The lifeblood of terrorism

Statement of Foreign Affairs Secretary Teodoro Locsin Jr. at the Security Council Open Debate on “Threats to International Peace and Security Caused by Terrorist Acts: Combating the Financing of Terrorism,” on March 28, 2019, at the United Nations Headquarters in New York City.    

“Money is the lifeblood of terrorism. In the Philippines, the financing of terrorism is a complex web of illicit flows, money laundering, transnational organized crime, especially the drug trade, and even the occasional remittance sent by overseas Filipinos. Porous physical, financial and cyber borders enable it.

“Since Resolution 1373,1 the Philippines has complied with the call to counter the financing of terrorism by all means efficient for its containment and extinction. We have defined “terrorist financing” as a separate crime, and are amending our Human Security Act to address the exploitation of cyberspace for terrorism. Without an international regulatory framework for cyberspace, its increasing use of encrypted platforms for transnational terrorist financing will continue to create security challenges.

“We adopted the 2018-2022 National Anti-Money Laundering and Countering the Financing of Terrorism Strategy, in response to the Financial Action Task Force [FATF] Forty Recommendations2 and our own national risk-assessment exercise. At its core is the lesson that financial intelligence units, law-enforcement agencies, the prosecution service and local government units must work together, share information with each other and raise awareness—not just between private and public sectors— but foremost among themselves. Intelligence gathering has been ineffective because agencies were only looking at terrorist acts and not the means that enable it.

“Our Strategy tells us to further tighten our legal and regulatory framework. Here I want to focus on a crucial driver of the Philippine economy: remittances. Stand-alone money service businesses, particularly remittance agencies, have been used as a channel for terrorist financing. Money transfers through informal channels helped terrorist groups launch the Marawi attack in 2017.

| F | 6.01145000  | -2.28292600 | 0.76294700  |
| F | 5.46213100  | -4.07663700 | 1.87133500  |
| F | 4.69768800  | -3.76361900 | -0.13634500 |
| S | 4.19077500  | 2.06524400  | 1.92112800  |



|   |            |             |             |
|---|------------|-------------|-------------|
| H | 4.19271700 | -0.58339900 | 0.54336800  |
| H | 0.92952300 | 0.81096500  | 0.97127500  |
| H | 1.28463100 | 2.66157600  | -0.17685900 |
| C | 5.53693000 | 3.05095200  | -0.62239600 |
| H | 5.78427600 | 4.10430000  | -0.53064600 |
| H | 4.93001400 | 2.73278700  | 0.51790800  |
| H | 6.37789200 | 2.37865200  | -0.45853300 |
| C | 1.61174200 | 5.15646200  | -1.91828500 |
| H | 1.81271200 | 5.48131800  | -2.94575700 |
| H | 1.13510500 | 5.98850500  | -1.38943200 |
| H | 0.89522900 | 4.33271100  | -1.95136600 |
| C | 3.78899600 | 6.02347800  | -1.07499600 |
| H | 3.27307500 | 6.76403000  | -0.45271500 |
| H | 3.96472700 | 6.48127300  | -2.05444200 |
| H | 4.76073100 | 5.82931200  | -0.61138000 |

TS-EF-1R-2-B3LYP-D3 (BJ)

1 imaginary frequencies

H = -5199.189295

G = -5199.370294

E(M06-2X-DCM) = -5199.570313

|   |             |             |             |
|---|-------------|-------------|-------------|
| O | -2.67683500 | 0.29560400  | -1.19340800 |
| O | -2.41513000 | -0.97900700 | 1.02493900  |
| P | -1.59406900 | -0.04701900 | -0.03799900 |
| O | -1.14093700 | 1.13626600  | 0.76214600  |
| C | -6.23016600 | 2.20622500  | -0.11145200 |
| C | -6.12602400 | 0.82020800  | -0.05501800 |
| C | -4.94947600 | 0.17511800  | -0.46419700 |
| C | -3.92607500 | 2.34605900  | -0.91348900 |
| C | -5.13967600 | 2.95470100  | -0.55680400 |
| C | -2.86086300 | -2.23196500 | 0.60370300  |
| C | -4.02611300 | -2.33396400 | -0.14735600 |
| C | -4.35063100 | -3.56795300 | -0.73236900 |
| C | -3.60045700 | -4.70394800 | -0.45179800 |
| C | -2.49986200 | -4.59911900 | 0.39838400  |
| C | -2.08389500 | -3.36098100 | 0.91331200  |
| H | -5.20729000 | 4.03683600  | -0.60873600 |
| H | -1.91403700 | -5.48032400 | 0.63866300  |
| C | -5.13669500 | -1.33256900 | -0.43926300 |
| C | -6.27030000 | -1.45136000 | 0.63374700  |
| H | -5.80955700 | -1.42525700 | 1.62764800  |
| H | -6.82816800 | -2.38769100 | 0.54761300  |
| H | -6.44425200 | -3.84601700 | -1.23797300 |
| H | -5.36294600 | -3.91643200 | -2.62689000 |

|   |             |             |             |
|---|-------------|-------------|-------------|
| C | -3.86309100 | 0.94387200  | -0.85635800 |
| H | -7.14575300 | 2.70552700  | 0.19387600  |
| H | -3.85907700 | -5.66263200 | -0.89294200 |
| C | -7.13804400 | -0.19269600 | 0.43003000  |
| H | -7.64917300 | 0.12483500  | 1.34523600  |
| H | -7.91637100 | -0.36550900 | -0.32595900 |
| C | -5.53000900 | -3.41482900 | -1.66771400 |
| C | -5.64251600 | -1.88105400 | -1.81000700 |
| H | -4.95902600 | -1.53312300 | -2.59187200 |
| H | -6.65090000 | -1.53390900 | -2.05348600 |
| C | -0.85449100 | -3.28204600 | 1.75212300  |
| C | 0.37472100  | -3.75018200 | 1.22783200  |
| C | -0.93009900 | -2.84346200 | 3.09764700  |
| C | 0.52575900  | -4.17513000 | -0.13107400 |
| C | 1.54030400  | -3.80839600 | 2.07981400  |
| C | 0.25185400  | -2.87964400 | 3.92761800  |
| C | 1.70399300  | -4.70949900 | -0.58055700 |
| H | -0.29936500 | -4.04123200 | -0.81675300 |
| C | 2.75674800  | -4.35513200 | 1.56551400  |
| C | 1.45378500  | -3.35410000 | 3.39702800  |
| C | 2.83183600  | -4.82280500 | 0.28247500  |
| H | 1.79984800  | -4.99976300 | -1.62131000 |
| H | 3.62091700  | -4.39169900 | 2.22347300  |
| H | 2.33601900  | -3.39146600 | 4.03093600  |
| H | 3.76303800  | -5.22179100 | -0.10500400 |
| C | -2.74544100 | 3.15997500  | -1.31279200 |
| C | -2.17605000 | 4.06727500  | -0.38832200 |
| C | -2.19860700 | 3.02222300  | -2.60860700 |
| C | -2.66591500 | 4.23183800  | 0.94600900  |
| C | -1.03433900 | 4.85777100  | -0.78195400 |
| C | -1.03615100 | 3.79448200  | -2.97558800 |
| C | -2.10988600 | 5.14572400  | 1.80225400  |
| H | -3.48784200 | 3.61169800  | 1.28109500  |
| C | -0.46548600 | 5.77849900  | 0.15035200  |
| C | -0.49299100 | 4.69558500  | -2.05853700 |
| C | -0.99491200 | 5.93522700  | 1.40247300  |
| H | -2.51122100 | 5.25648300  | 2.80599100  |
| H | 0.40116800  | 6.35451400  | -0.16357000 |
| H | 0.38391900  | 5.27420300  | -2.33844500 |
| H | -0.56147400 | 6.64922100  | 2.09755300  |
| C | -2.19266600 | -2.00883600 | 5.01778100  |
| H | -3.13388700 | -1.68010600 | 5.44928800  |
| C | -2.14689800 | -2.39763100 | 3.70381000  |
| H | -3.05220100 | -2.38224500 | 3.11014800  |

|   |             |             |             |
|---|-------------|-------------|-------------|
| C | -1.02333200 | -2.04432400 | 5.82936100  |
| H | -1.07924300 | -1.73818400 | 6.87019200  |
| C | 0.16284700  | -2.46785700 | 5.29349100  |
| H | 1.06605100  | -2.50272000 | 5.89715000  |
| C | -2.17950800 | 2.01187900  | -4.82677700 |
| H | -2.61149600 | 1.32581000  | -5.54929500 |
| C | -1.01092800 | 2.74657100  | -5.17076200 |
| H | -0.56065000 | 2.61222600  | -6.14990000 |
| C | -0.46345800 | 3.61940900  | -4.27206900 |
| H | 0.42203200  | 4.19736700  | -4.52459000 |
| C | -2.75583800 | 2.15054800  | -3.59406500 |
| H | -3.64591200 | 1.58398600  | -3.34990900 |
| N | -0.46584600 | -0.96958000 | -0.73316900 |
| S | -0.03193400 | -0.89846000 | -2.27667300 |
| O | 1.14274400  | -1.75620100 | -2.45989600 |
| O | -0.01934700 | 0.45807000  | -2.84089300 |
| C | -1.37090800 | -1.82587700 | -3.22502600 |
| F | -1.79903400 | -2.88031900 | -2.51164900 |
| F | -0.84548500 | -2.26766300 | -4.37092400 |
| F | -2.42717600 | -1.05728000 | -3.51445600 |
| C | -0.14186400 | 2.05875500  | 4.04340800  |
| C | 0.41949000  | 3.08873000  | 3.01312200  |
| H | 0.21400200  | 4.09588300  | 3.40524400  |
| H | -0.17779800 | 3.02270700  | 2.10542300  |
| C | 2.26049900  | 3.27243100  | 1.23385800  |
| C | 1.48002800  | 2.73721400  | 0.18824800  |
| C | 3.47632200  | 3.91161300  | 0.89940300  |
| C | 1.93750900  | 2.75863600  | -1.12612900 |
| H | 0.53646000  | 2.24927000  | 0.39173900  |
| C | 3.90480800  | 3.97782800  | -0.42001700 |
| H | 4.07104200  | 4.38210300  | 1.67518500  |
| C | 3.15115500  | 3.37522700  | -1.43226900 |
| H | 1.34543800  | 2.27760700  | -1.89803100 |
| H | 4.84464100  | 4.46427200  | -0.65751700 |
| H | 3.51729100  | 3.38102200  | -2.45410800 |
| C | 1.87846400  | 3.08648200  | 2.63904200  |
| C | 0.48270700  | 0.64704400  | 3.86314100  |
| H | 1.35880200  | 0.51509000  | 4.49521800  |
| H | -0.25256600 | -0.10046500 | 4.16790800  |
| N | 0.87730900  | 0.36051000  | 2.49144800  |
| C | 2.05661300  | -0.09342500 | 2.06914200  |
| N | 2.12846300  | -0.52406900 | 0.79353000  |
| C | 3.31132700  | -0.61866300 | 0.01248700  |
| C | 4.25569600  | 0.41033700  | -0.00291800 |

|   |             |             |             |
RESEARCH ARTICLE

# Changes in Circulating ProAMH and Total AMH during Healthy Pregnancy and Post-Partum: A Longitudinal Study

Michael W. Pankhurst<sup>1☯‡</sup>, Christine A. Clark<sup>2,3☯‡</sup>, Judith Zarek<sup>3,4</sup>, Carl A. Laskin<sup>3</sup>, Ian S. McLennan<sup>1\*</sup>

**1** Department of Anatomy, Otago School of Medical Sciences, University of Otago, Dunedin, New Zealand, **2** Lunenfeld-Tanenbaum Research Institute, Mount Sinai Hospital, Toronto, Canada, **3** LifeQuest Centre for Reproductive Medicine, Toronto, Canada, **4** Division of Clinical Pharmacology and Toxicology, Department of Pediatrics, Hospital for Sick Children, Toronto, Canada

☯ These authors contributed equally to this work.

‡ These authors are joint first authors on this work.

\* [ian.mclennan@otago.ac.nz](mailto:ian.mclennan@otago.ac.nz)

“Remittances account for 9.8 percent of our GDP. Restricting their flow has touched off a cultural nerve of resistance. The challenge is to balance the requirements of counterterrorism and the imperative convenience of those who have struggled in Babylonian captivity to make ends meet in Biblical lands for their families at home. The dilemma has tempted foreign banks to demand they be used exclusively for remittances—at piratical rates. Bankers will be bankers.

“There too are nonprofit organizations. Contributions they get  for laudable purposes are knowingly diverted to—or they are set up precisely as conduits for terrorist financing. These nongovernment organizations operate in the southern Philippines.

“Geographical distribution of threat incidents indicate that some regions are more at risk, hence the need to reinforce counterterrorist mechanisms at the local government level.

“Marawi illustrates the symbiotic relationship between terrorism and the illegal drug trade. With drug money, terrorists were able to gather a motley assortment of well-armed extremists, criminals, mercenaries and foreign terrorist fighters to take control of Marawi and reestablish in our part of the world their shattered caliphate in the Middle East. We met them with all-out force and in six months took back Marawi at a fantastic fatality ratio of 165 of our soldiers slain to over a thousand dead jihadi.

“Our counterterrorism efforts are anchored on respecting human rights because a state’s first, foremost and overriding responsibility is to protect the law-abiding against the lawless; and the innocent against those threatening their safety and well-being. To that responsibility my President has made an iron, unwavering and total commitment. We just don’t care about politically compromised public opinion to the contrary. It won’t be pretty, but we will get them. Thank you. The Philippines is pleased to cosponsor this resolution.”

It was a long morning but not, I think, unproductive. The head of the FATF delivered a detailed but well-written and coherent statement—a rare thing with long disquisitions.

     1S/RES/1373 (2001), Creation of Counter Terrorism Committee (CTC).

     2The FATF Forty Recommendations are the internationally endorsed global standards against money laundering and terrorist financing.


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